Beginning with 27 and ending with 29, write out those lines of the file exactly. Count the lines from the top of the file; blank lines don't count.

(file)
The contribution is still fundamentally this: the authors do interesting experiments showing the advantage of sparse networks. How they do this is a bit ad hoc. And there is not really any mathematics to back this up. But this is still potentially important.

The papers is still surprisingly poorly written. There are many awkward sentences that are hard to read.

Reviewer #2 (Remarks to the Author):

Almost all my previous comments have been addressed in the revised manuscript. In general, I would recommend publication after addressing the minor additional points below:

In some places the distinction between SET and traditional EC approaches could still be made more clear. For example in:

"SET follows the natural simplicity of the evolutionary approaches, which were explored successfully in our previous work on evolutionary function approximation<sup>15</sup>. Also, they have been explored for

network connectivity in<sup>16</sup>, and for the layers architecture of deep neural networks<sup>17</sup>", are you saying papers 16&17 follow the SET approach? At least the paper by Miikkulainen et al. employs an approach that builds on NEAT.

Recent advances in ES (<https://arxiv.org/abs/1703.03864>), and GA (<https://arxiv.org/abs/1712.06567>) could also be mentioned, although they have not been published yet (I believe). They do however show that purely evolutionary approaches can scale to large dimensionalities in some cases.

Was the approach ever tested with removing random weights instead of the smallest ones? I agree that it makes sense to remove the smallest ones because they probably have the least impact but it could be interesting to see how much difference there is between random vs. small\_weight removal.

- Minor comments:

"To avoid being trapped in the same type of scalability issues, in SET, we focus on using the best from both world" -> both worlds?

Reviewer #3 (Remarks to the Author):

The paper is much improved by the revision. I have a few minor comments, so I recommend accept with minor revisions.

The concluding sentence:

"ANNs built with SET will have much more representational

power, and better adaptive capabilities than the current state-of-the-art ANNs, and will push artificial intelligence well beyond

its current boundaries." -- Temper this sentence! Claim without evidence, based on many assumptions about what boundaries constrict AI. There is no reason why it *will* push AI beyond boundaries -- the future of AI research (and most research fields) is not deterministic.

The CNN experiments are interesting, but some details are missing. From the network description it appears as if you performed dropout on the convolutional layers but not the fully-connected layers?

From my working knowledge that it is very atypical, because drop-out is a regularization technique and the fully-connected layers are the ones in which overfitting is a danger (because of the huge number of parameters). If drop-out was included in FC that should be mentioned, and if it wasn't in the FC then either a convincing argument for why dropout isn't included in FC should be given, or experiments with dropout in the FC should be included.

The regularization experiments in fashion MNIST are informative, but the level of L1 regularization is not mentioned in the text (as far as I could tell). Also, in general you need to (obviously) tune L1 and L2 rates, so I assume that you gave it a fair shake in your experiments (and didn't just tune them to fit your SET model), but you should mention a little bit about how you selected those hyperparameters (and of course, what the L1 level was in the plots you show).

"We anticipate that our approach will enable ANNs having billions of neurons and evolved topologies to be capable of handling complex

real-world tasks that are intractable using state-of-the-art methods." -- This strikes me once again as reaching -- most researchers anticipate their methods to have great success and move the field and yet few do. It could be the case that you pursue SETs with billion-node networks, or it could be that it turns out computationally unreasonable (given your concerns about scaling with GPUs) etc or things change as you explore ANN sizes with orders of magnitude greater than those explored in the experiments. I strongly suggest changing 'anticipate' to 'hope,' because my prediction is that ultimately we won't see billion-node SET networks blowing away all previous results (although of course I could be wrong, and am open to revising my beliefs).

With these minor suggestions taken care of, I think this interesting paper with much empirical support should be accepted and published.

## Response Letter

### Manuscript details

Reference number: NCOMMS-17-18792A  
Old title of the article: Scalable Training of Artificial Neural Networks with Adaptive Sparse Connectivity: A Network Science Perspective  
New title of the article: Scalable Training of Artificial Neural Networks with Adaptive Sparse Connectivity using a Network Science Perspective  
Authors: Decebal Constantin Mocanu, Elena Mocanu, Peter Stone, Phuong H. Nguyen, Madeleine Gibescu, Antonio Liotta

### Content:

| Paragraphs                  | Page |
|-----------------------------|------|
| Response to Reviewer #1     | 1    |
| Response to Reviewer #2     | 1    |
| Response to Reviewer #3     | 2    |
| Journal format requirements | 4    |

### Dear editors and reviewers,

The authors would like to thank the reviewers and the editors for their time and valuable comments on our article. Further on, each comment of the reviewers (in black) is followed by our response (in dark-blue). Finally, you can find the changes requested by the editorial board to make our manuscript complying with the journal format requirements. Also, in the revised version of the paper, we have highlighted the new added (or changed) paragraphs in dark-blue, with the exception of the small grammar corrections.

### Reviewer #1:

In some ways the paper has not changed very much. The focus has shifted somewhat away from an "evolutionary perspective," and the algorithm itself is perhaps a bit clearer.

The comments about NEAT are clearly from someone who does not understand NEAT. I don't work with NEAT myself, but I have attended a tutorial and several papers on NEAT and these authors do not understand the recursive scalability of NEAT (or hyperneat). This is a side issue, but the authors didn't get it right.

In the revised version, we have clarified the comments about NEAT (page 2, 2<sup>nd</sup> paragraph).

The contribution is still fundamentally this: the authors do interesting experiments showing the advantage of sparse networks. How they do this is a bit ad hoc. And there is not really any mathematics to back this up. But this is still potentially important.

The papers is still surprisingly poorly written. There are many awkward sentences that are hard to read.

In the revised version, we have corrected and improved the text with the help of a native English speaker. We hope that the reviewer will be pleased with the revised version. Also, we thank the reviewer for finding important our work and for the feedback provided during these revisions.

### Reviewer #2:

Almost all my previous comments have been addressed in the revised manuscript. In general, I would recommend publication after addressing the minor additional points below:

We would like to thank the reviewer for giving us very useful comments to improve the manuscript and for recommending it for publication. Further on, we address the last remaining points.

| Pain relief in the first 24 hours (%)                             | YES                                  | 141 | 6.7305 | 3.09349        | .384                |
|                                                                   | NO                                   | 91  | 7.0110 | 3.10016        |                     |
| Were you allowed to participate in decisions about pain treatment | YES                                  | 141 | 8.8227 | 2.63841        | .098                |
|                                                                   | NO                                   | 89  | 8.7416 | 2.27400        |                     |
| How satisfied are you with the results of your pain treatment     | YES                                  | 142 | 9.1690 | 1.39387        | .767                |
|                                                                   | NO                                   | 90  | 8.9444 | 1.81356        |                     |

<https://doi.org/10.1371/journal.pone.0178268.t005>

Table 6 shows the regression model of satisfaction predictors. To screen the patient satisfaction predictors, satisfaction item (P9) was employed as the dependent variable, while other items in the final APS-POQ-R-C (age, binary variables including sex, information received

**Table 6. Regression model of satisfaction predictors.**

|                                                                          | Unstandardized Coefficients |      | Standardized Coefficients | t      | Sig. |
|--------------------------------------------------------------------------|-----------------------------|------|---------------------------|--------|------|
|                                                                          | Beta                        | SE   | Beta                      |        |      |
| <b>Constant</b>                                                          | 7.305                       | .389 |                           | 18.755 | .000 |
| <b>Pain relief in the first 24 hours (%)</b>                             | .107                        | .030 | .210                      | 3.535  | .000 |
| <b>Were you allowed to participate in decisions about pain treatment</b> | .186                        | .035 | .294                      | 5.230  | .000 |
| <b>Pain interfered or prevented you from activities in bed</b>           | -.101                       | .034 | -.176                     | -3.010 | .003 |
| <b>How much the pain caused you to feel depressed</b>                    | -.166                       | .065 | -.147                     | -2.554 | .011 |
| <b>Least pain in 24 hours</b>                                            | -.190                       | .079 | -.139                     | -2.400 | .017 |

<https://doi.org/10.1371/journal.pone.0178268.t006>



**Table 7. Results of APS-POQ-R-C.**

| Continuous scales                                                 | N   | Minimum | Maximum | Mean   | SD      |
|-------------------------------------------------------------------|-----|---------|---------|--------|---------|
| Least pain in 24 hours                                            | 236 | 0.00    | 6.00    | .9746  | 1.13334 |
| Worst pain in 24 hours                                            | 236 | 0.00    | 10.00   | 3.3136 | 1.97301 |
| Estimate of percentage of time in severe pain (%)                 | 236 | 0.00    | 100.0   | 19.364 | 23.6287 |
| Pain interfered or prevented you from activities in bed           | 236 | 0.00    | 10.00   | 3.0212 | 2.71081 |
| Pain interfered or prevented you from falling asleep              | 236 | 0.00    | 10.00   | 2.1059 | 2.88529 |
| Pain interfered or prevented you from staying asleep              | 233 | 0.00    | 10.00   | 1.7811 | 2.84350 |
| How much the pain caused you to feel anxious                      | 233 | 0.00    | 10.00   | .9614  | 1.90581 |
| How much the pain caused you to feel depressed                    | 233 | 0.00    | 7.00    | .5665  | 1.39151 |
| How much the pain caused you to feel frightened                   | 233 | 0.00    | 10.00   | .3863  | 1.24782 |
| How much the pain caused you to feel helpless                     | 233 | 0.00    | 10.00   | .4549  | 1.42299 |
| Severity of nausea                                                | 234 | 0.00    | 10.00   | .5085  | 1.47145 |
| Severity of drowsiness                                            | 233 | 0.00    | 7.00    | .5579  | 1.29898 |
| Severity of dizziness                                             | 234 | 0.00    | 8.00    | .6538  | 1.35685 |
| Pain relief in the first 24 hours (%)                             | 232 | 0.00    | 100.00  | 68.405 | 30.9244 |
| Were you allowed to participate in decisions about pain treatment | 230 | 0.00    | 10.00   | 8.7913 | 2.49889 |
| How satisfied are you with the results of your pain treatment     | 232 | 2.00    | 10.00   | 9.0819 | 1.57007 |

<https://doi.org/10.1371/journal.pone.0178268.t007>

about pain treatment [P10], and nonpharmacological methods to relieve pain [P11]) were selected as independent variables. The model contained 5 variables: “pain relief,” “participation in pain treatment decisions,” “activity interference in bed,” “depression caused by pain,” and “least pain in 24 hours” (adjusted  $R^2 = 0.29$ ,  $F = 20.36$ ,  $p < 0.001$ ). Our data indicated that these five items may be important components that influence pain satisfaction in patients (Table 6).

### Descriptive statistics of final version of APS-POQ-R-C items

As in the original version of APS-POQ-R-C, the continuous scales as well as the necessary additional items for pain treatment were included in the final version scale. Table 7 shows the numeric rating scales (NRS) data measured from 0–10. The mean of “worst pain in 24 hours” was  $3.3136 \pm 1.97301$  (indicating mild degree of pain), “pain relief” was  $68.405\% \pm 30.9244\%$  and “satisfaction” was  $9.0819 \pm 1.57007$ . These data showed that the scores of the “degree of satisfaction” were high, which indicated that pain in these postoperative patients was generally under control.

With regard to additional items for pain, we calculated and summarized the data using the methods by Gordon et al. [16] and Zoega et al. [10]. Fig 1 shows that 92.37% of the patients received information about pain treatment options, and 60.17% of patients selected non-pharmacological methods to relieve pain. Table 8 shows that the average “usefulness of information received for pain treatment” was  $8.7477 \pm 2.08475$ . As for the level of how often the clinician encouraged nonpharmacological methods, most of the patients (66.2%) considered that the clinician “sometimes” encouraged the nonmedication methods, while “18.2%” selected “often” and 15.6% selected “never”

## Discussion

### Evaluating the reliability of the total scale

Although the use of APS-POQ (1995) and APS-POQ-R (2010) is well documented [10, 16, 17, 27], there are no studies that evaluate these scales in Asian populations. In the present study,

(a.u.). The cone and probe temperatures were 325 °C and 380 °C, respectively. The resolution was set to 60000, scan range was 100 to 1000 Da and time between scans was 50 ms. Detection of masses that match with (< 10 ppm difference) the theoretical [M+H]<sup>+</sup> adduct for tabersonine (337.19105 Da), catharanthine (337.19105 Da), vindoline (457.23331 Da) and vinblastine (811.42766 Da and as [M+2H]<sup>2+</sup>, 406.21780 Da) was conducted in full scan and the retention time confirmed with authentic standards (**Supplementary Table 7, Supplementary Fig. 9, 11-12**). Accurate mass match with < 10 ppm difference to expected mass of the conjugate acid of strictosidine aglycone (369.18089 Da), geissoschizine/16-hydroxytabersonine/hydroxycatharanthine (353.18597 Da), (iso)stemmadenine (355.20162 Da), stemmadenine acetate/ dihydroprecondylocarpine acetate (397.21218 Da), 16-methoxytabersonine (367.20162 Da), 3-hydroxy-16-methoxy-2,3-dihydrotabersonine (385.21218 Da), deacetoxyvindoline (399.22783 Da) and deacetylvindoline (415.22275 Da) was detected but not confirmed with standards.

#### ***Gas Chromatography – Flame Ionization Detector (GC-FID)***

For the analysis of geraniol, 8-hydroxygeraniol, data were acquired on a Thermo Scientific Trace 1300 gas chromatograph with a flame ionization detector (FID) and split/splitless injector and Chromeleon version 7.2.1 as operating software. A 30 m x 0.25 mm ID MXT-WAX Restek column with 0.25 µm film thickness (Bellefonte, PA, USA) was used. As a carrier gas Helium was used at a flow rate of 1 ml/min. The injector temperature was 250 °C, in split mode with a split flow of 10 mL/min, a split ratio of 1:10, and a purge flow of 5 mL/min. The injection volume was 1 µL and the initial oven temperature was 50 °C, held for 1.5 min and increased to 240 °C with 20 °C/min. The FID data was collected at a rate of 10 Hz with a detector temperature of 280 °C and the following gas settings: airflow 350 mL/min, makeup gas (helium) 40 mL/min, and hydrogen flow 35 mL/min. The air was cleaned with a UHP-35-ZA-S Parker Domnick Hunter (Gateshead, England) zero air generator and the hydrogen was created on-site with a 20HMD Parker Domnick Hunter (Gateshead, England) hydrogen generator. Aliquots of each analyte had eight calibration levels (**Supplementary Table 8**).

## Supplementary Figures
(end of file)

Old title of the article: Scalable Training of Artificial Neural Networks with Adaptive Sparse Connectivity: A Network Science Perspective  
New title of the article: Scalable Training of Artificial Neural Networks with Adaptive Sparse Connectivity using a Network Science Perspective  
Authors: Decebal Constantin Mocanu, Elena Mocanu, Peter Stone, Phuong H. Nguyen, Madeleine Gibescu, Antonio Liotta